The Hearne Eminent Lecture with Scott Aaronson, Quantum Computing, University of Texas at Austin.
Quantum Computational Supremacy and Its Applications
Last fall, a team at Google announced the first-ever demonstration of
"quantum computational supremacy"—that is, a clear quantum speedup
over a classical computer for some task—using a 53-qubit
programmable superconducting chip called Sycamore. Google's
accomplishment drew on a decade of research in my field of quantum
complexity theory. This talk will discuss questions like: what
exactly was the (contrived) problem that Sycamore solved? How does
one verify the outputs using a classical computer? And how confident
are we that the problem is classically hard—especially in light of
subsequent counterclaims by IBM and others? I'll end with a possible
application for Google's experiment—namely, the generation of
trusted public random bits, for use (for example) in
cryptocurrencies—that I've been developing and that Google and NIST
are now working to test.
Scott Aaronson's research focuses on the capabilities and limits of quantum computers, and more generally on computational complexity and its relation to physics. His recent interests include how to demonstrate a quantum computing speedup with the technologies of the near future (via proposals such as BosonSampling, which Aaronson introduced in 2011 with Alex Arkhipov); the largest possible quantum speedups over classical computing; the computational power of closed timelike curves; and the role of computational complexity in the black hole information paradox and the AdS/CFT correspondence. In addition to research, he writes a widely-read blog, and has written about quantum computing for Scientific American, the New York Times, and other popular venues. His first book, Quantum Computing Since Democritus, was published in 2013 by Cambridge University Press.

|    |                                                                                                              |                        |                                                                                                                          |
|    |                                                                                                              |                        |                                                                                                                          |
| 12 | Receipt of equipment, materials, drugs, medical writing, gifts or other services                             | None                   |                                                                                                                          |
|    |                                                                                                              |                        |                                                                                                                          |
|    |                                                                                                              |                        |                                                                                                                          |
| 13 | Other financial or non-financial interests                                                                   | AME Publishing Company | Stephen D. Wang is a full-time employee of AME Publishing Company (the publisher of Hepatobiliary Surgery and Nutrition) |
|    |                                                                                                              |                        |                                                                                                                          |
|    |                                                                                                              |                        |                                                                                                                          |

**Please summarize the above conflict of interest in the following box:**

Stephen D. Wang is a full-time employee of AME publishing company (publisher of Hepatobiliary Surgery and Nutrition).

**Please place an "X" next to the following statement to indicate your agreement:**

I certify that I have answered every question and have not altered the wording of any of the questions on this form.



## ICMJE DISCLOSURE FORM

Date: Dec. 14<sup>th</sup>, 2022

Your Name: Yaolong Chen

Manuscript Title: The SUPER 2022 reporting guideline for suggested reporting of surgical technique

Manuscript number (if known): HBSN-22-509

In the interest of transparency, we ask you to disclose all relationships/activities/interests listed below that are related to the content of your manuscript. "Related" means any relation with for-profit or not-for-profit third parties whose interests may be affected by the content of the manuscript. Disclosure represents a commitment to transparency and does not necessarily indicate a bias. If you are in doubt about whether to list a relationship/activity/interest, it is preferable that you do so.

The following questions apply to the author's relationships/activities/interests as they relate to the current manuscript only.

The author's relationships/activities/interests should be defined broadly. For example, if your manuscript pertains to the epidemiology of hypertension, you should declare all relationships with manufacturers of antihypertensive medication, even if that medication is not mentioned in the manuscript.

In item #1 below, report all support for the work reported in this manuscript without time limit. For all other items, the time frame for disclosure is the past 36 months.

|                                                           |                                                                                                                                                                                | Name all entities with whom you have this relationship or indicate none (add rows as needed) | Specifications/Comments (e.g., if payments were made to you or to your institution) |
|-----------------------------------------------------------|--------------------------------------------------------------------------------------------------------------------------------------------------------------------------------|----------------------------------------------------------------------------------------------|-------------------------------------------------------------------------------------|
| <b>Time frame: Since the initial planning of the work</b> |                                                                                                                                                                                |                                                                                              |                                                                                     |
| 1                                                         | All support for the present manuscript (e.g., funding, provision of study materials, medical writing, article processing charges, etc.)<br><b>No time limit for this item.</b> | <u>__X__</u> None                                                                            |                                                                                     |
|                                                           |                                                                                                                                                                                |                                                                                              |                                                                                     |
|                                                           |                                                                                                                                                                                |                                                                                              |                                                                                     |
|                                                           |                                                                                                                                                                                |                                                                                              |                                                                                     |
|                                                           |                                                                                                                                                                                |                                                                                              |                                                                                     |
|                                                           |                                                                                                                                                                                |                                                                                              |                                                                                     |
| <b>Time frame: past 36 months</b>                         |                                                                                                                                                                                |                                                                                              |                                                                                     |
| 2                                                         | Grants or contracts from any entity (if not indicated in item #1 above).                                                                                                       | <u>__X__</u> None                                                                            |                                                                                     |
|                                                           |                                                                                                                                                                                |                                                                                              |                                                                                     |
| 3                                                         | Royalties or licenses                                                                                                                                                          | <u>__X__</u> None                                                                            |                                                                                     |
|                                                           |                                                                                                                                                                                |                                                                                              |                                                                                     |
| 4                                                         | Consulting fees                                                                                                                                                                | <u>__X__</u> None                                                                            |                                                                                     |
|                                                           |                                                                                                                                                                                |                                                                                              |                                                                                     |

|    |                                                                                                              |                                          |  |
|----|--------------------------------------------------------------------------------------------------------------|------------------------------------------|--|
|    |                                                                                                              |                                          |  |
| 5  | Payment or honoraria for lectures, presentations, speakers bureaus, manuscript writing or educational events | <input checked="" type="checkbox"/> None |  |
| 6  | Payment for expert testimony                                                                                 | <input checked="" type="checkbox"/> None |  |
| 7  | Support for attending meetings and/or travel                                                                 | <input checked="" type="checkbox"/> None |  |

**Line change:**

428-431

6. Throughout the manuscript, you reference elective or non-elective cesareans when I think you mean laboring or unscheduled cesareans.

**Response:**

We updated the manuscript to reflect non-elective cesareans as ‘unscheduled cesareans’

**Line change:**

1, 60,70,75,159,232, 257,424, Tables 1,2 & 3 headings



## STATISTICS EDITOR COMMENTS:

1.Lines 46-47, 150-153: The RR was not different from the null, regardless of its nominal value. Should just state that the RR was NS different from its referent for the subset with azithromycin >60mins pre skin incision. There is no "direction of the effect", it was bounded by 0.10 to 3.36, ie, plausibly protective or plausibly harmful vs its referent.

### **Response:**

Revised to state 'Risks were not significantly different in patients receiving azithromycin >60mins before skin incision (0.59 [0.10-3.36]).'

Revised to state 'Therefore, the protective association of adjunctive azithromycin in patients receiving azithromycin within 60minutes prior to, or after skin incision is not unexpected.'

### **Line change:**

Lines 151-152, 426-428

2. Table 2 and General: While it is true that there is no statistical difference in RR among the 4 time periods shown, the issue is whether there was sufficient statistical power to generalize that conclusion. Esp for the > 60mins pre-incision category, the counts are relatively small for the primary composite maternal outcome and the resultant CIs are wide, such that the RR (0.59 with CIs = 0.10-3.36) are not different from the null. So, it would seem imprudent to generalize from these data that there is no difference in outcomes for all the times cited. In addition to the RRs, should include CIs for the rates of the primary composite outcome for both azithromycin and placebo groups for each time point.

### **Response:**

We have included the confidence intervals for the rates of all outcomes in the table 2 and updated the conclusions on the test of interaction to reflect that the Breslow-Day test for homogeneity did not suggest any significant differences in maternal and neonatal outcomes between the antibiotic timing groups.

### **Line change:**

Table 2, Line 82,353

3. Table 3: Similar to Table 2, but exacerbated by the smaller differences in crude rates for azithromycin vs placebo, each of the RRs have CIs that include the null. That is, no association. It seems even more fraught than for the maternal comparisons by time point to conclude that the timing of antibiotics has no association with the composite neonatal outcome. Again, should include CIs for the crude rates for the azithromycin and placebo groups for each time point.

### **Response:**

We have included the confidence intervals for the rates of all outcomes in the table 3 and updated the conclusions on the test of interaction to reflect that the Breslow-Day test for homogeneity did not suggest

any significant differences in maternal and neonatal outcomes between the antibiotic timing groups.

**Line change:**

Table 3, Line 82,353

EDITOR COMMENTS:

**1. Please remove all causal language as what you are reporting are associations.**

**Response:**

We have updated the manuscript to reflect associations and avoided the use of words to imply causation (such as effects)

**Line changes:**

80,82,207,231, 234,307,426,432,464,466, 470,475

Aaronson received his bachelor's from Cornell University, and his Ph.D. from UC Berkeley under Umesh Vazirani. He also did postdoctoral fellowships at the Institute for Advanced Study in Princeton as well as at the University of Waterloo. Before coming to UT, he spent nine years as a professor in Electrical Engineering and Computer Science at MIT. He’s received the National Science Foundation’s Alan T. Waterman Award, the United States PECASE Award, the Department of Defense Vannevar Bush Faculty Fellowship, and MIT's Junior Bose Award for Excellence in Teaching.
Wednesday, March 11 at 5:00pm to 6:00pm